Right now AskJeeves has a search engine that, in my opinion, is truly impressive. The natural language processing and wealth of quality information in their database has become so good that searching by query actually provides relevant results 90% of the time! This is a vast improvement over the original natural language system that Ask had in place just a year ago. When asked what made AskJeeves so different from its competitors, Jim answered decisively that it was Ask’s search technology that put it in a category all of its own. Why the technology? Well Jim argued that the intuitive query performance of the search and the system’s ability to reliably show only the experts in every field was Ask’s secret sauce’. When I personally put this to the test I had to agree that at the very least the top results I found were relevant and spam-free an impressive characteristic. What I must enter into consideration, however, is the considerable difference in database size in comparison to Ask’s competitors; Ask has only 2 billion pages, whereas Google claims a 6 billion count and Yahoo! over 4.5 billion. In this case size does matter especially when you consider trying to filter twice to three times more content.

During my interview with Jim Lanzone, we discussed Ask’s current standing and where he expects the prominent search engine to appear within the next few years. Obviously Jim could not provide specifics on the technology they plan on including; however, I was able to garner some idea of the company’s vision:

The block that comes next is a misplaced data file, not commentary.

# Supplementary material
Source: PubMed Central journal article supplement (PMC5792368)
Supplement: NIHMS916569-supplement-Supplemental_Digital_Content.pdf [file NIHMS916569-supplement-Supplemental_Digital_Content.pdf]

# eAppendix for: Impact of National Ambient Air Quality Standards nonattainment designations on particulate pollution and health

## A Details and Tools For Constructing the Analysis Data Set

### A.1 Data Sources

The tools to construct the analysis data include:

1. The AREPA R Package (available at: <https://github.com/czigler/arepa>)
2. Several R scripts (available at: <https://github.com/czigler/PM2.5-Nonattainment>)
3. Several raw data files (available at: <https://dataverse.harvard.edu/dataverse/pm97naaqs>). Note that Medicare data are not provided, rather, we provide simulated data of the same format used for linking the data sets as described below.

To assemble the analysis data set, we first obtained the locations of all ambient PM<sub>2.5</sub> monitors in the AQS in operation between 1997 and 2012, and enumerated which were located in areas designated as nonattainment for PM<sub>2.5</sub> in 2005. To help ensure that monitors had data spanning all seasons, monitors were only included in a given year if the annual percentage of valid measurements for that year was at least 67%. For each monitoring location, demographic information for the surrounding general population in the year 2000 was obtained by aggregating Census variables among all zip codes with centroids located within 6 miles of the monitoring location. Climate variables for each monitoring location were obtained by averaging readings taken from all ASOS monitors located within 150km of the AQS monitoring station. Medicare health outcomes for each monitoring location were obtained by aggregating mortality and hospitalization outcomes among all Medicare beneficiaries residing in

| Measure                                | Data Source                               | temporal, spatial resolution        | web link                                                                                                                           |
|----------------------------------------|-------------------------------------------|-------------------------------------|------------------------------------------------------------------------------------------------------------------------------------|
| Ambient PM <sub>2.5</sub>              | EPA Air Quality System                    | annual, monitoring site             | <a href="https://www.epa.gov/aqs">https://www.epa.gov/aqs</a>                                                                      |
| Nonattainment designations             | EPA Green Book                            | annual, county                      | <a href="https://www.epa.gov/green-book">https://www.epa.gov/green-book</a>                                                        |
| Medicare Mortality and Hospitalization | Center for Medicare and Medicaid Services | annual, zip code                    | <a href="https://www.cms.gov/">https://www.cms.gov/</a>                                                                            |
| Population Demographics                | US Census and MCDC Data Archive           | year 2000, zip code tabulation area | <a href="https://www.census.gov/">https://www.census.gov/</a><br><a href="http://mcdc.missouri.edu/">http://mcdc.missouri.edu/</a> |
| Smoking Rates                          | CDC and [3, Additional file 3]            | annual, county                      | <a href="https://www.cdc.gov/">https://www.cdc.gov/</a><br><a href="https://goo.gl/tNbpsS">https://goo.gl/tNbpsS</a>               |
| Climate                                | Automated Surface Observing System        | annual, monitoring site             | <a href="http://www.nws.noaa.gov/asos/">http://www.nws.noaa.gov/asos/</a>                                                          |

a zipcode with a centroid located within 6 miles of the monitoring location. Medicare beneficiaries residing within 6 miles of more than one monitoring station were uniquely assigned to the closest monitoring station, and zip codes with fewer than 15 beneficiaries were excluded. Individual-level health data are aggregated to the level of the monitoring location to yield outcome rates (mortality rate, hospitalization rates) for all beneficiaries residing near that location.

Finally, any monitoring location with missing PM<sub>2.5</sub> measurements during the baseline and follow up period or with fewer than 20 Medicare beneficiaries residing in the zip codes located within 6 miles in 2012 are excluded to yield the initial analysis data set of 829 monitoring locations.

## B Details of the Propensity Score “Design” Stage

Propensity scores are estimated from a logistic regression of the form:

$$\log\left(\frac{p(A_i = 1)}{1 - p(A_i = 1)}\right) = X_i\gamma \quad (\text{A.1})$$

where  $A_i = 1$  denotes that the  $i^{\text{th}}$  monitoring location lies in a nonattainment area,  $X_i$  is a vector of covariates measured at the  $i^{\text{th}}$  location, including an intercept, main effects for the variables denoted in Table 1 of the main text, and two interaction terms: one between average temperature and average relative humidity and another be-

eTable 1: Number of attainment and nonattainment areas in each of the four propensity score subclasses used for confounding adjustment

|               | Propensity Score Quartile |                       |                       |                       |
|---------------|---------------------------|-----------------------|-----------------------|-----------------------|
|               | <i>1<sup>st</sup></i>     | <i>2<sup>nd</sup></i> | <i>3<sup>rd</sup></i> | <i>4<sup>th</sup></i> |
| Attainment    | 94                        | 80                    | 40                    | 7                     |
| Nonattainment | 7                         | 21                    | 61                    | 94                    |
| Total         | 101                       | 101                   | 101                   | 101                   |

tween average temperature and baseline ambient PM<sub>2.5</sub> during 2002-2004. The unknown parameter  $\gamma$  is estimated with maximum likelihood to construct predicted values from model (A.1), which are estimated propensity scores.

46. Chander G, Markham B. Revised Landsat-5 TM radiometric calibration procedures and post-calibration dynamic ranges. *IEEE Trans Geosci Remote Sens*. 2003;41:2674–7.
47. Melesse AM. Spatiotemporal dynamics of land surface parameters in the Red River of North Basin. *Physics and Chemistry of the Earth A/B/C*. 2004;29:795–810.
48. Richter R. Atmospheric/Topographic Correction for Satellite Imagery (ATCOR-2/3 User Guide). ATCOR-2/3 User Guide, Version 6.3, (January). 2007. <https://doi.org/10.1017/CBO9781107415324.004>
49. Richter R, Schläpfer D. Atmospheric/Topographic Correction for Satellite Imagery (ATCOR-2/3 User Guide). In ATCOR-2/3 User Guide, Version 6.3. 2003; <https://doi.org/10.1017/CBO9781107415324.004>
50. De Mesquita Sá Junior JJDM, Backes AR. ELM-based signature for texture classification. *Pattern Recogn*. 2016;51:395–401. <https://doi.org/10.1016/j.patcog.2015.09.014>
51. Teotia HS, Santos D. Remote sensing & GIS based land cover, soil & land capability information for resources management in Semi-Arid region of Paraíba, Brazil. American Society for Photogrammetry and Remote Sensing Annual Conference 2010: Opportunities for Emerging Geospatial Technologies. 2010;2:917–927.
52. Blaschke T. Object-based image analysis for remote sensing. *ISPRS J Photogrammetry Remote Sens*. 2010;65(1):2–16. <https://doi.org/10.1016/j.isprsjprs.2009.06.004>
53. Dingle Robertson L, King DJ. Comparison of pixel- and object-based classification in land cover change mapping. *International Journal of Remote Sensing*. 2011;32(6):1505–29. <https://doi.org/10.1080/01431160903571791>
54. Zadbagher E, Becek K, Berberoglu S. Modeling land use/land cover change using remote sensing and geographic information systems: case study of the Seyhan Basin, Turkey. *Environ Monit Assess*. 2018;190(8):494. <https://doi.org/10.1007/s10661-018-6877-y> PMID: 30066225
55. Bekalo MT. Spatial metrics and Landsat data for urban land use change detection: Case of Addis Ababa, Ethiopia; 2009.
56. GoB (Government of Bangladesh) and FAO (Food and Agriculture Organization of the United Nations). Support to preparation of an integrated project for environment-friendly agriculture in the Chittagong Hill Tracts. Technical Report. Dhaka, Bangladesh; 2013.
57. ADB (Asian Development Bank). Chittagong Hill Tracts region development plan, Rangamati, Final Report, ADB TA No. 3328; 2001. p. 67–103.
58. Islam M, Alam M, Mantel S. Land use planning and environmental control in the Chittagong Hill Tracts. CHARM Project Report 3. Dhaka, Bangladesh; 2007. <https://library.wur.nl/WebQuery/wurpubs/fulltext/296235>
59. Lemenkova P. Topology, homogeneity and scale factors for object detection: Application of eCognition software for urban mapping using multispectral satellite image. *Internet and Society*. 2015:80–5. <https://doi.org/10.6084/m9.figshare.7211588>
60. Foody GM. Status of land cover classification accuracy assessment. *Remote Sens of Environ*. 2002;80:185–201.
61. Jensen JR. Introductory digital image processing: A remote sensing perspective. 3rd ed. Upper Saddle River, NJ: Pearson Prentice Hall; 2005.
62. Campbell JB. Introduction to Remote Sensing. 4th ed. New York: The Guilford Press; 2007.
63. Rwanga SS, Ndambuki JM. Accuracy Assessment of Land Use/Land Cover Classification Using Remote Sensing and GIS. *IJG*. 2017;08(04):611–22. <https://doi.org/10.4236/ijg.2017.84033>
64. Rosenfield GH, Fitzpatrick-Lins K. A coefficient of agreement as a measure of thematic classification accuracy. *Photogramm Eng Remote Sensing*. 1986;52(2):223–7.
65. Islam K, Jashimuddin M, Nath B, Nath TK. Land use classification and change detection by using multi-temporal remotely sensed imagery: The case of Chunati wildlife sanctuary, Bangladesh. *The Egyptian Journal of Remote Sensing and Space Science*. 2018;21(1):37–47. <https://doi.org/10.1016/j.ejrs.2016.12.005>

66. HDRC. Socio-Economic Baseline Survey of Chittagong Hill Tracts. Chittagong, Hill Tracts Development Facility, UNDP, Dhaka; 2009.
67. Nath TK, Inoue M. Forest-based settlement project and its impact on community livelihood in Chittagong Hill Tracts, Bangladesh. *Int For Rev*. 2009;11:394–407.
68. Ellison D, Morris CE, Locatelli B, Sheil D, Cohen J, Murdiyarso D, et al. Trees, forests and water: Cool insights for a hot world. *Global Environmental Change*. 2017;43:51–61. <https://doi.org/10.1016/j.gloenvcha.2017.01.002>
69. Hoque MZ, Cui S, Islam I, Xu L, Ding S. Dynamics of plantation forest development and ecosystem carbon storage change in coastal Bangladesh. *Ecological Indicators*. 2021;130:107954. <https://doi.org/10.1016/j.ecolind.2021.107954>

Jim gave serious kudos to Google and Yahoo! for creating relationships with the hidden web’; vast information resources once missed by the average search engine such as the Library of Congress, US Supreme Court Audio, the NPR, etc.. According to Jim these types of relationships are definitely going to play a role in future development at Ask. The problem is time, they plan on making some inroads this year but it will take a while before Ask can match the kind of advances that Yahoo or Google have made. This is especially true since Index Express was phased out; initially this was to be the model for uncovering the hidden web.

AskJeeves is very focused on providing a quality user experience. This is evidenced strongly by Ask’s current clean interface and Smart Search ideology that search experience is as important as results themselves. From what I could gather, Ask’s goal is to minimize the successful search experience to one click.

A fresher index was noted which indicates a strong desire to begin spidering web sites more frequently in the near future. Jim did not elaborate on this, however, I speculate that this means isolating web sites that are updated regularly and spidering them more often.

Currently the News section of AskJeeves is populated using Moreover; a popular and reliable news syndication resource. At the moment, Ask only minimally controls the results of its Moreover results with a basic algorithm. This is a major difference between AskJeeves and its search competitors Google and Yahoo!; Ask is the only engine without its own news spider! When asked, Jim noted that advances in Ask’s news asset will begin to take place in the second quarter of this year.

What else? At this point in the interview I encountered the familiar and completely understandable wall of vague’; to quote Jim Lanzone, AskJeeves plans to move into the different areas of search and apply our search engines to new areas of the web and make improvements to the methodologies that determine the relevance of the web. Well said!

About the Author

Ross Dunn is the CEO of StepForth Search Engine Placement, a search engine marketing company founded in 1997 and based in Victoria, British Columbia, Canada. You can visit their website at www.stepforth.com.